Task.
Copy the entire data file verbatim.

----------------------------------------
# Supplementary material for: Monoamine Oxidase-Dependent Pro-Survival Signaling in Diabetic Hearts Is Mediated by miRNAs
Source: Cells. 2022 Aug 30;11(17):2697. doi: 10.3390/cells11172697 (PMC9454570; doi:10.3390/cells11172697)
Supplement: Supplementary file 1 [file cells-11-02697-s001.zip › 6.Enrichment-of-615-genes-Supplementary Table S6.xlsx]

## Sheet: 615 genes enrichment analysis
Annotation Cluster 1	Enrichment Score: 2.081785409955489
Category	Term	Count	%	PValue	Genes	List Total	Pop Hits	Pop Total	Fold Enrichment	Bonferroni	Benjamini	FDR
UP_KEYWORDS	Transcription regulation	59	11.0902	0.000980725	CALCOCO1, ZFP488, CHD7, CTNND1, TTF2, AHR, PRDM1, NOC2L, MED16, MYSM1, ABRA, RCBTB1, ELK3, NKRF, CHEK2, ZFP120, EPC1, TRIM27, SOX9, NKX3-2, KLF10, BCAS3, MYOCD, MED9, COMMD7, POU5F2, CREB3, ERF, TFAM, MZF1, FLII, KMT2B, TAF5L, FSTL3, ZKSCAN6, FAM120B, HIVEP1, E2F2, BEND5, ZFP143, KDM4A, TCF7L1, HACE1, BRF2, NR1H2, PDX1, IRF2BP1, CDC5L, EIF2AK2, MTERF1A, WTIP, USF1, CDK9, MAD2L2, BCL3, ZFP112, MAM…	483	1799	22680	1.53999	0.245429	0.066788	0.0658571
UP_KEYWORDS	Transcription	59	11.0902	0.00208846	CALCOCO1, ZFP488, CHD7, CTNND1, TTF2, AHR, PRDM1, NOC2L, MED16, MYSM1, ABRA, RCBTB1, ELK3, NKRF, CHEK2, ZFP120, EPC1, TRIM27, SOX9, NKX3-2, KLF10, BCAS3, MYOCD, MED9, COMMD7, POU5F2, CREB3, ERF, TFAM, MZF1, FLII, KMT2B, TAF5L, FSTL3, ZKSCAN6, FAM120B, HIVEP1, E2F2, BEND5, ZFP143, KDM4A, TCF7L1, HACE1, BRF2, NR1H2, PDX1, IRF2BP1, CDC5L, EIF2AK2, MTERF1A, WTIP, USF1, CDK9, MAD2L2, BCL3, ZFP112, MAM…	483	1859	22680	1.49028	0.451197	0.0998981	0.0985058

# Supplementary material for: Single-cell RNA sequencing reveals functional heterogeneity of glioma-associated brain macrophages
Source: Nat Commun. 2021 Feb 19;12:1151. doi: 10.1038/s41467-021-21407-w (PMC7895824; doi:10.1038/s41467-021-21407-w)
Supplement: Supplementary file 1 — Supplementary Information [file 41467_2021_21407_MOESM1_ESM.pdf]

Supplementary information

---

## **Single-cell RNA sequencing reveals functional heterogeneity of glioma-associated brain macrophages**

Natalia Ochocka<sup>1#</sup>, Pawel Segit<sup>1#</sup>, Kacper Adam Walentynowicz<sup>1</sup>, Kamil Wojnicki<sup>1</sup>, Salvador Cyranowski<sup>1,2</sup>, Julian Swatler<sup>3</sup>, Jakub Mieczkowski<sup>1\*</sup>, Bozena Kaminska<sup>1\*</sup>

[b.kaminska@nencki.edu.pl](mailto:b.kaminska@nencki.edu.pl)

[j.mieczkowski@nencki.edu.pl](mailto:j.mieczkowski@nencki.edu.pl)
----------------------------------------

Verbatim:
# Supplementary material for: Monoamine Oxidase-Dependent Pro-Survival Signaling in Diabetic Hearts Is Mediated by miRNAs
Source: Cells. 2022 Aug 30;11(17):2697. doi: 10.3390/cells11172697 (PMC9454570; doi:10.3390/cells11172697)
Supplement: Supplementary file 1 [file cells-11-02697-s001.zip › 6.Enrichment-of-615-genes-Supplementary Table S6.xlsx]

## Sheet: 615 genes enrichment analysis
Annotation Cluster 1	Enrichment Score: 2.081785409955489
Category	Term	Count	%	PValue	Genes	List Total	Pop Hits	Pop Total	Fold Enrichment	Bonferroni	Benjamini	FDR
UP_KEYWORDS	Transcription regulation	59	11.0902	0.000980725	CALCOCO1, ZFP488, CHD7, CTNND1, TTF2, AHR, PRDM1, NOC2L, MED16, MYSM1, ABRA, RCBTB1, ELK3, NKRF, CHEK2, ZFP120, EPC1, TRIM27, SOX9, NKX3-2, KLF10, BCAS3, MYOCD, MED9, COMMD7, POU5F2, CREB3, ERF, TFAM, MZF1, FLII, KMT2B, TAF5L, FSTL3, ZKSCAN6, FAM120B, HIVEP1, E2F2, BEND5, ZFP143, KDM4A, TCF7L1, HACE1, BRF2, NR1H2, PDX1, IRF2BP1, CDC5L, EIF2AK2, MTERF1A, WTIP, USF1, CDK9, MAD2L2, BCL3, ZFP112, MAM…	483	1799	22680	1.53999	0.245429	0.066788	0.0658571
UP_KEYWORDS	Transcription	59	11.0902	0.00208846	CALCOCO1, ZFP488, CHD7, CTNND1, TTF2, AHR, PRDM1, NOC2L, MED16, MYSM1, ABRA, RCBTB1, ELK3, NKRF, CHEK2, ZFP120, EPC1, TRIM27, SOX9, NKX3-2, KLF10, BCAS3, MYOCD, MED9, COMMD7, POU5F2, CREB3, ERF, TFAM, MZF1, FLII, KMT2B, TAF5L, FSTL3, ZKSCAN6, FAM120B, HIVEP1, E2F2, BEND5, ZFP143, KDM4A, TCF7L1, HACE1, BRF2, NR1H2, PDX1, IRF2BP1, CDC5L, EIF2AK2, MTERF1A, WTIP, USF1, CDK9, MAD2L2, BCL3, ZFP112, MAM…	483	1859	22680	1.49028	0.451197	0.0998981	0.0985058

# Supplementary material for: Single-cell RNA sequencing reveals functional heterogeneity of glioma-associated brain macrophages
Source: Nat Commun. 2021 Feb 19;12:1151. doi: 10.1038/s41467-021-21407-w (PMC7895824; doi:10.1038/s41467-021-21407-w)
Supplement: Supplementary file 1 — Supplementary Information [file 41467_2021_21407_MOESM1_ESM.pdf]

Supplementary information

---

## **Single-cell RNA sequencing reveals functional heterogeneity of glioma-associated brain macrophages**

Natalia Ochocka<sup>1#</sup>, Pawel Segit<sup>1#</sup>, Kacper Adam Walentynowicz<sup>1</sup>, Kamil Wojnicki<sup>1</sup>, Salvador Cyranowski<sup>1,2</sup>, Julian Swatler<sup>3</sup>, Jakub Mieczkowski<sup>1\*</sup>, Bozena Kaminska<sup>1\*</sup>

[b.kaminska@nencki.edu.pl](mailto:b.kaminska@nencki.edu.pl)

[j.mieczkowski@nencki.edu.pl](mailto:j.mieczkowski@nencki.edu.pl)